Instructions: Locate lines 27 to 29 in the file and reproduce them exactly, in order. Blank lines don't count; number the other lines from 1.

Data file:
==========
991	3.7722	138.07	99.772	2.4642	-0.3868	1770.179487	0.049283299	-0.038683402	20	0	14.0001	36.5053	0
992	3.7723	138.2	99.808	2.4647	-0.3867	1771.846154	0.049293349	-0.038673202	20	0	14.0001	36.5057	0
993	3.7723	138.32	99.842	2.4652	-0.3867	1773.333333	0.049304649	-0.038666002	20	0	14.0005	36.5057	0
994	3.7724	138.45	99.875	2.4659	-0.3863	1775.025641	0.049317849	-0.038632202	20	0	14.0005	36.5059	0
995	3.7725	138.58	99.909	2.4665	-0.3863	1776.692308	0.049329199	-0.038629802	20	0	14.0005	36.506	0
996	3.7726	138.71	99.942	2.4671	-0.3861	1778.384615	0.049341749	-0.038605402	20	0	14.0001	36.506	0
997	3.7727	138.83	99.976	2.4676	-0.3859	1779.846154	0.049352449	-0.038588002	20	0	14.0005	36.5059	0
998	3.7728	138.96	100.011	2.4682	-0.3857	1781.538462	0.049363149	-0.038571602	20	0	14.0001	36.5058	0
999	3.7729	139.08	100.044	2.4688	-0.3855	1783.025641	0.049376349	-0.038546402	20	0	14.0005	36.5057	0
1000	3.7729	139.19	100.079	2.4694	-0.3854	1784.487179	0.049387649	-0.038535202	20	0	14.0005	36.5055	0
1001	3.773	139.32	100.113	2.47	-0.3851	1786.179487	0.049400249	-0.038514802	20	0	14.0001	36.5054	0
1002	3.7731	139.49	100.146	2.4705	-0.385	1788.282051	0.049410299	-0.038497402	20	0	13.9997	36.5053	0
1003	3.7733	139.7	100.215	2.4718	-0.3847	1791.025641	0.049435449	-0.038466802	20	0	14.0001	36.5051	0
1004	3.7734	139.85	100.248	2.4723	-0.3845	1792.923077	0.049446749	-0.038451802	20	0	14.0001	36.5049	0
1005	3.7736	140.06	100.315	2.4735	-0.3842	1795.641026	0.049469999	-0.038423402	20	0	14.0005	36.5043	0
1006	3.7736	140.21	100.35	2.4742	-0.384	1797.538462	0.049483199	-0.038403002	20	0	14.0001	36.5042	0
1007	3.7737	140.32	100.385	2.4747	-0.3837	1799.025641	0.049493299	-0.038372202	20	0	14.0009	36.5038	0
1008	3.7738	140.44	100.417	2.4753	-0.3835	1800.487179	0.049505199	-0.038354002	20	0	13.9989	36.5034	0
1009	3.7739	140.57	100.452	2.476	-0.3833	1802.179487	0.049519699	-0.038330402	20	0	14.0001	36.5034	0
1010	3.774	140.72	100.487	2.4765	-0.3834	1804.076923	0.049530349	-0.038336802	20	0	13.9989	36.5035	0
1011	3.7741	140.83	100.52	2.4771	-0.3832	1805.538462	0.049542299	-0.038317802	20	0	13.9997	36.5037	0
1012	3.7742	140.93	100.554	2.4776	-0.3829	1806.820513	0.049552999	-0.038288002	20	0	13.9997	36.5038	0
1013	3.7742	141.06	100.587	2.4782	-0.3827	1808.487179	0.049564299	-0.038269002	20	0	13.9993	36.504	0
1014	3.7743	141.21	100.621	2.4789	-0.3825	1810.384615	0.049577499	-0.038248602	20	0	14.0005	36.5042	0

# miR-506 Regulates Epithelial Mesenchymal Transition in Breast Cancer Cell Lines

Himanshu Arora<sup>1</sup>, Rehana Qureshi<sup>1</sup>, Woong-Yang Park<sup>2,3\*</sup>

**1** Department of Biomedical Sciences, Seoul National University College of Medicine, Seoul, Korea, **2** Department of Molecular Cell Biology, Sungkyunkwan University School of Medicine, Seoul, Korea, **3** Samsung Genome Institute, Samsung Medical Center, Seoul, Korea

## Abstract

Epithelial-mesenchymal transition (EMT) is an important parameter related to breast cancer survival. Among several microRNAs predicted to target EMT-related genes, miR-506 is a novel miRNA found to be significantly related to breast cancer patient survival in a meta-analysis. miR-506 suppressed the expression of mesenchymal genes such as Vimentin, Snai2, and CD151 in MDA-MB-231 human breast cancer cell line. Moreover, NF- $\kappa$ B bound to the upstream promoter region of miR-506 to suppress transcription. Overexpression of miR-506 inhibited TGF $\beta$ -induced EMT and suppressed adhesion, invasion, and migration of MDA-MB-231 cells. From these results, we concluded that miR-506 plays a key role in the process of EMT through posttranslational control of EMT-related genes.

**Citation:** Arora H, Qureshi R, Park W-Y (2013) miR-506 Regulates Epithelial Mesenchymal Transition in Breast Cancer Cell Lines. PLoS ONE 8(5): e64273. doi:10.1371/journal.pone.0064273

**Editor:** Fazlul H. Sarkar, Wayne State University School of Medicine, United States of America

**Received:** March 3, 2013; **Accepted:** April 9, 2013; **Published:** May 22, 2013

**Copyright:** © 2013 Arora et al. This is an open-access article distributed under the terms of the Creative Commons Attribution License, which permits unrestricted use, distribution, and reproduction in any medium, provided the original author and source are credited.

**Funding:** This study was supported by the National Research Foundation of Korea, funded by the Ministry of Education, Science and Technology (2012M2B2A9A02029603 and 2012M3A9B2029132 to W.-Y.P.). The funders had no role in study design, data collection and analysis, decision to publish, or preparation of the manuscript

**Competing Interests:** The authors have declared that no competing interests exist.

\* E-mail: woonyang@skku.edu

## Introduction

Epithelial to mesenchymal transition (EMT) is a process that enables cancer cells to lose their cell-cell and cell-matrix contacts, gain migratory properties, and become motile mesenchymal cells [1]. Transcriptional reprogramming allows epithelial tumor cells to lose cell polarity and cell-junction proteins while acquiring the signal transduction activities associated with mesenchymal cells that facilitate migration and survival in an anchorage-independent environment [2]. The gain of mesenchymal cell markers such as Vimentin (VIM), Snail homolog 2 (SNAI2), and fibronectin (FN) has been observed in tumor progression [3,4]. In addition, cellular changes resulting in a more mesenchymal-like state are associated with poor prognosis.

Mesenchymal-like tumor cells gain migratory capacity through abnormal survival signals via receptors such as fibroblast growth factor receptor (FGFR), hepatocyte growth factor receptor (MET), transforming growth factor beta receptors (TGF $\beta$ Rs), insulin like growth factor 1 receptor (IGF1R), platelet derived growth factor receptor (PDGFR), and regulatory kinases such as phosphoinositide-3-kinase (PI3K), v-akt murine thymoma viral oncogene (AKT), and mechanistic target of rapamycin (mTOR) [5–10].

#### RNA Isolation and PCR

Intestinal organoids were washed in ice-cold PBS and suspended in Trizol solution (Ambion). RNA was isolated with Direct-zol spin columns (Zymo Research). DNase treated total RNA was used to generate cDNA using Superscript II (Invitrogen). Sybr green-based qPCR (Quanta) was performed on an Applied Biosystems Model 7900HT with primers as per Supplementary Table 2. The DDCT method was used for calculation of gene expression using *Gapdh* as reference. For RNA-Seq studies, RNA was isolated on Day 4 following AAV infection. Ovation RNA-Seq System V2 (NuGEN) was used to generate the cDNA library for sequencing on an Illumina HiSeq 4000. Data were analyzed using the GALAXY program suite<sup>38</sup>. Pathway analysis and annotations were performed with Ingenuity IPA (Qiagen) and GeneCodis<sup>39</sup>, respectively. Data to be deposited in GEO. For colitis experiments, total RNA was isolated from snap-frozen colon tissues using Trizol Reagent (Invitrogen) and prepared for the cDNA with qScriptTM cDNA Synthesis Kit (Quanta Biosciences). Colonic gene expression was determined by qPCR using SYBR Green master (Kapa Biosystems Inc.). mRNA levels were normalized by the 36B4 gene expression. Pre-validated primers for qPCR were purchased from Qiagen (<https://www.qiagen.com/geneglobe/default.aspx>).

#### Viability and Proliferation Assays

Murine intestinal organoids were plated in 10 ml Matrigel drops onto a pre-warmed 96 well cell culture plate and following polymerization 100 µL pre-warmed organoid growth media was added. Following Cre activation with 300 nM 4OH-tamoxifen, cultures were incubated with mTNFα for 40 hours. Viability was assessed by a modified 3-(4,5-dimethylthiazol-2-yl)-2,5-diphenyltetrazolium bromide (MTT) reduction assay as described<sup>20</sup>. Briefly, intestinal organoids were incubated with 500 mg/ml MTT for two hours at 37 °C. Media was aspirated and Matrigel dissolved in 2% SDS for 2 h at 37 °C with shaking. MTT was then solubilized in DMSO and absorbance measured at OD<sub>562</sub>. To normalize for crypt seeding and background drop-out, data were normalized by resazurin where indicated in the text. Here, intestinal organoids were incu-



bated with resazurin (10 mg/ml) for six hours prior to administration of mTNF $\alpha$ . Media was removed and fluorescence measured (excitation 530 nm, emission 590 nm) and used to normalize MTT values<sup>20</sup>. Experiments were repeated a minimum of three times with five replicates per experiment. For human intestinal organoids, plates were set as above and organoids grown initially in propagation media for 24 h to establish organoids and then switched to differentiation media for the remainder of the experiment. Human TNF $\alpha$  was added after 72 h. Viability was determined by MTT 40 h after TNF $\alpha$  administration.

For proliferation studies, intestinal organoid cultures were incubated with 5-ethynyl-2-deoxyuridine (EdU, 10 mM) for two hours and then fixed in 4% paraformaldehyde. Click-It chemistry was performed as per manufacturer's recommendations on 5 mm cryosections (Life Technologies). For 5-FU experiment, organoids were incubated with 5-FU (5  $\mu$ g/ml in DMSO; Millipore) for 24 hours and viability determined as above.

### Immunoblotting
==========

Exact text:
**1** Department of Biomedical Sciences, Seoul National University College of Medicine, Seoul, Korea, **2** Department of Molecular Cell Biology, Sungkyunkwan University School of Medicine, Seoul, Korea, **3** Samsung Genome Institute, Samsung Medical Center, Seoul, Korea

## Abstract

Epithelial-mesenchymal transition (EMT) is an important parameter related to breast cancer survival. Among several microRNAs predicted to target EMT-related genes, miR-506 is a novel miRNA found to be significantly related to breast cancer patient survival in a meta-analysis. miR-506 suppressed the expression of mesenchymal genes such as Vimentin, Snai2, and CD151 in MDA-MB-231 human breast cancer cell line. Moreover, NF- $\kappa$ B bound to the upstream promoter region of miR-506 to suppress transcription. Overexpression of miR-506 inhibited TGF $\beta$ -induced EMT and suppressed adhesion, invasion, and migration of MDA-MB-231 cells. From these results, we concluded that miR-506 plays a key role in the process of EMT through posttranslational control of EMT-related genes.